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Twitter. (Photo: Gil C/Shutterstock)

Even Young People Are Skeptical of Information They Learn on Twitter

• May 19, 2014 • 4:00 AM

Twitter. (Photo: Gil C/Shutterstock)

New research suggests they react to “facts” learned from a Twitter feed with some skepticism.

False memories are an insidious intrusion into our minds, helping to shape our opinions and confirm our prejudices. A body of research has shown that a piece of misinformation can linger in the mind, outliving the caveat that it is nothing more than rumor or speculation. If it conforms to our beliefs, we’ll tuck it away and use it as evidence later on.

It’s reasonable to fear that social media could exacerbate this problem. With news feeds giving us constant updates from many sources—some reliable, some not—it’d be very easy to conflate fact with conjecture.

So a new research paper from Michigan State University is particularly welcome. It finds that a sample of college students were, in fact, less likely to fall for false information if it had been presented to them in a Twitter format.

“It’s a good sign,” said lead author Kimberly Fenn, a psychologist based at Michigan State University. “Our findings indicate young people are somewhat wary of information that comes from Twitter.”

With news feeds giving us constant updates from many sources—some reliable, some not—it’d be very easy to conflate fact with conjecture.

The study featured 96 undergraduates, who “viewed a series of 50 images that depicted a story of a man robbing a car.” Each of the photos was on the participants’ computer screens for five seconds; together, they told a coherent story of what had happened.

After performing an unrelated task, the students viewed an information feed that narrated the events depicted in the images via 40 lines of text. They were told it was created by students who had seen the photos in a previous round of the experiment.

Approximately one-third of the participants saw this information in a “control feed,” which was labeled “photo recap” and “did not contain censorship bars or social media.” The others saw it in a format that virtually duplicated a Twitter feed; it was labeled “tweet ticker” and “had a light blue background and an image of the Twitter bird logo in the bottom right corner.”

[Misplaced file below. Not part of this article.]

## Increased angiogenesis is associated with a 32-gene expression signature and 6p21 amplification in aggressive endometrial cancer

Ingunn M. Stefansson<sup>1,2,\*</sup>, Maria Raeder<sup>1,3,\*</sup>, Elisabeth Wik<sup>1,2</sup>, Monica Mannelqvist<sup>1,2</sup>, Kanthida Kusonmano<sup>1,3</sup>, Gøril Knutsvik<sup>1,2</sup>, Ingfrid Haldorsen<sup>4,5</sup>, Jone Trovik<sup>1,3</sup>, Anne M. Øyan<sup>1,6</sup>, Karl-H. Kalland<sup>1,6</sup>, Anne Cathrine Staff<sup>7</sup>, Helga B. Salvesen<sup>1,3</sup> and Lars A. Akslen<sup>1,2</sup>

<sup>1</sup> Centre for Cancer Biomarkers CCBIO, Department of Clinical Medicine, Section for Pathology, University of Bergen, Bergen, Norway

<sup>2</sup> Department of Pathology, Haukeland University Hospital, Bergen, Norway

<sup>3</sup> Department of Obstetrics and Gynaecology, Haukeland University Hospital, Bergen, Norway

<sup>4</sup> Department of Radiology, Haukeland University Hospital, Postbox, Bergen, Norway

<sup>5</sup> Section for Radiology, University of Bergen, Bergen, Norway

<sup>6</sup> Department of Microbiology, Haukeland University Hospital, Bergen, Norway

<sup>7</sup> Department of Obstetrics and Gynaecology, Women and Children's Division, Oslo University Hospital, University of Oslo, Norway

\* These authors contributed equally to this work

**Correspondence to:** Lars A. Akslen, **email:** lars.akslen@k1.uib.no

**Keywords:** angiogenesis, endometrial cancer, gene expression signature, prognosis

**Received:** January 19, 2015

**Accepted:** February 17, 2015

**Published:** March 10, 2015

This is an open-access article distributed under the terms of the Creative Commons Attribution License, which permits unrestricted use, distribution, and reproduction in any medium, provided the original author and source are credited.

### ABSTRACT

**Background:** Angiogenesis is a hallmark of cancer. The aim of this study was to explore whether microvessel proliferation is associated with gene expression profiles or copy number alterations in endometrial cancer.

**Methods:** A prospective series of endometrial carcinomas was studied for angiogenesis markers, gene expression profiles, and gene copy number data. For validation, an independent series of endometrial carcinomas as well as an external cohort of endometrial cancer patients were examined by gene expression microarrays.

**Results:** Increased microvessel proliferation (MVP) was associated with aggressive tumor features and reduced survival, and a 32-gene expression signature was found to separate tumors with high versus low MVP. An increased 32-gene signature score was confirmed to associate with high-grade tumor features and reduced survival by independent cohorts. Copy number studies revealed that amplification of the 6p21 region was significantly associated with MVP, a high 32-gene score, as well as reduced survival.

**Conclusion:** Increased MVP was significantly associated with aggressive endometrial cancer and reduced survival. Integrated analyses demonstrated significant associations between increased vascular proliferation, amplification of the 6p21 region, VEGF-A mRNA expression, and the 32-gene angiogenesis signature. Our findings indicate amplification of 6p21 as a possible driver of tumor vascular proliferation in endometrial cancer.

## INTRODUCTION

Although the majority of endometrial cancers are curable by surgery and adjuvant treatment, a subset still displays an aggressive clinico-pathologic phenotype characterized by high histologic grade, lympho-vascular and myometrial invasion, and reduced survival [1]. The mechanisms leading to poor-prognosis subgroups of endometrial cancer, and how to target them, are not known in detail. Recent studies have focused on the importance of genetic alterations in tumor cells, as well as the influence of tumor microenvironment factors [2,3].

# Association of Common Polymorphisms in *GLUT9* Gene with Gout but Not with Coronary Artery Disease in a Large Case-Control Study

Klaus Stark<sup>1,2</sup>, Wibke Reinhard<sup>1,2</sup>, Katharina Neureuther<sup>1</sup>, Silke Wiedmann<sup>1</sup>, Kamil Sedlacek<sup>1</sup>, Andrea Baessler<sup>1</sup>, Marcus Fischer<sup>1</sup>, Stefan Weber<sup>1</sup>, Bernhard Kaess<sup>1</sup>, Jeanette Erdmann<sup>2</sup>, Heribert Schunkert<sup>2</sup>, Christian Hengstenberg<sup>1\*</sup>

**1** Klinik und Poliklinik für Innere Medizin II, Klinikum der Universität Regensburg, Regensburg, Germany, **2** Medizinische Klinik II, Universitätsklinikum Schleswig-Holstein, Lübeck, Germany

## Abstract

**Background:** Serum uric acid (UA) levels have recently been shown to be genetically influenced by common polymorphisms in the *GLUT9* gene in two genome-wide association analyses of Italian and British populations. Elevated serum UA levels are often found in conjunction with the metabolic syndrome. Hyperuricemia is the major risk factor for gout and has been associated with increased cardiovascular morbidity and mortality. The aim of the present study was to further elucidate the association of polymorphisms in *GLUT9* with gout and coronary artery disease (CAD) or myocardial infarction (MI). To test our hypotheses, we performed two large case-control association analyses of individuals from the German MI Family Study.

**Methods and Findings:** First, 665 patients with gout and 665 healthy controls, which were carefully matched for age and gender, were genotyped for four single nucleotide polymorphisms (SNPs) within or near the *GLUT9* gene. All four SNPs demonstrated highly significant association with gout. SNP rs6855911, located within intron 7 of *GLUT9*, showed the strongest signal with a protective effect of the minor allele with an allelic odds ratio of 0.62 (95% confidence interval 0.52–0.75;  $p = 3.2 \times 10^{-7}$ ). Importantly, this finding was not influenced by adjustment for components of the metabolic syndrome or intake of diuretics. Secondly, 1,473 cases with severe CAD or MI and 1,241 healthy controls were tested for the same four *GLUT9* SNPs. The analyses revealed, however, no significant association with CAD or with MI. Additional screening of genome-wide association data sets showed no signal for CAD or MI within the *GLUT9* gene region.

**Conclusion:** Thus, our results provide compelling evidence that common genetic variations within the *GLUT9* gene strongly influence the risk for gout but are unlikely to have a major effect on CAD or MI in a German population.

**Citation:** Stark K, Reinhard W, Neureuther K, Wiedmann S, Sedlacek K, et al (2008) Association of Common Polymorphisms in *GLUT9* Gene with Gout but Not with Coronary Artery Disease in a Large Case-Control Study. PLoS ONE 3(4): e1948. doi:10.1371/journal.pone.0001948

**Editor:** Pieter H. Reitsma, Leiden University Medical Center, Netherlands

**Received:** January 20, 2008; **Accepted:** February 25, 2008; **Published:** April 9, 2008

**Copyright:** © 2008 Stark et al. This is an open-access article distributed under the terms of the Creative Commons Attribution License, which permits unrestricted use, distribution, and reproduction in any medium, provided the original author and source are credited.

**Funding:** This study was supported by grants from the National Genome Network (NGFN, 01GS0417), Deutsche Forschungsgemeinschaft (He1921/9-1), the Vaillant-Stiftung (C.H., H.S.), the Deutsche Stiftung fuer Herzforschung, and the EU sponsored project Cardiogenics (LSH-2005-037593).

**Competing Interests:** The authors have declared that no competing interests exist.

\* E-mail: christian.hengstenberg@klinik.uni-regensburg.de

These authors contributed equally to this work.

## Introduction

To test whether memories were impacted by the informal language often used on Twitter, the researchers broke up those getting the mock-Twitter feed into two groups.

One viewed a text that was identical to that of the control group; it was written in relatively formal language and use complete sentences. The others saw a feed that “was designed to resemble text online; it was written with informal language and syntax,” the researchers write.

Afterwards, all participants were presented with 36 statements and asked how confident they were that each was an accurate representation of what they saw in the images.

“While most of the information was accurate, each participant was exposed to six details that directly conflicted with the images,” the researchers write. One such piece of misinformation was the statement “The car had a Harvard sticker in the back window.” In fact, it had a John Hopkins sticker.

The key result: Participants’ confidence in accurate information was consistent for the three groups, “but confidence for suggested information was significantly lower when false information was presented in a Twitter format.”

This held true whether the Twitter-feed language was formal or informal, suggesting that the medium itself, as opposed to the language, that made the students more skeptical.

“It is unclear whether our results would extend to other forms of social media, or to more verified sources on Twitter,” the researchers write. “Twitter is unique in that individuals often receive information from other individuals whom they have never met. In contrast, if the same information were presented in a Facebook feed, by a friend or acquaintance, we might obtain an opposite finding.”

So it’s entirely possible, if not probable, that Facebook could be used to successfully spread misinformation. Twitter, not so much.

This study provides further confirmation of Marshall McLuhan’s famous proclamation that the medium is the message—or, at the researchers put it, “individuals approach messages differently when they are delivered through different types of media.”

Thankfully, it suggests that in the case of Twitter, young people view the information it conveys with a healthy dose of skepticism.

Tom Jacobs
Staff writer Tom Jacobs is a veteran journalist with more than 20 years experience at daily newspapers. He has served as a staff writer for The Los Angeles Daily News and the Santa Barbara News-Press. His work has also appeared in The Los Angeles Times, Chicago Tribune, and Ventura County Star.

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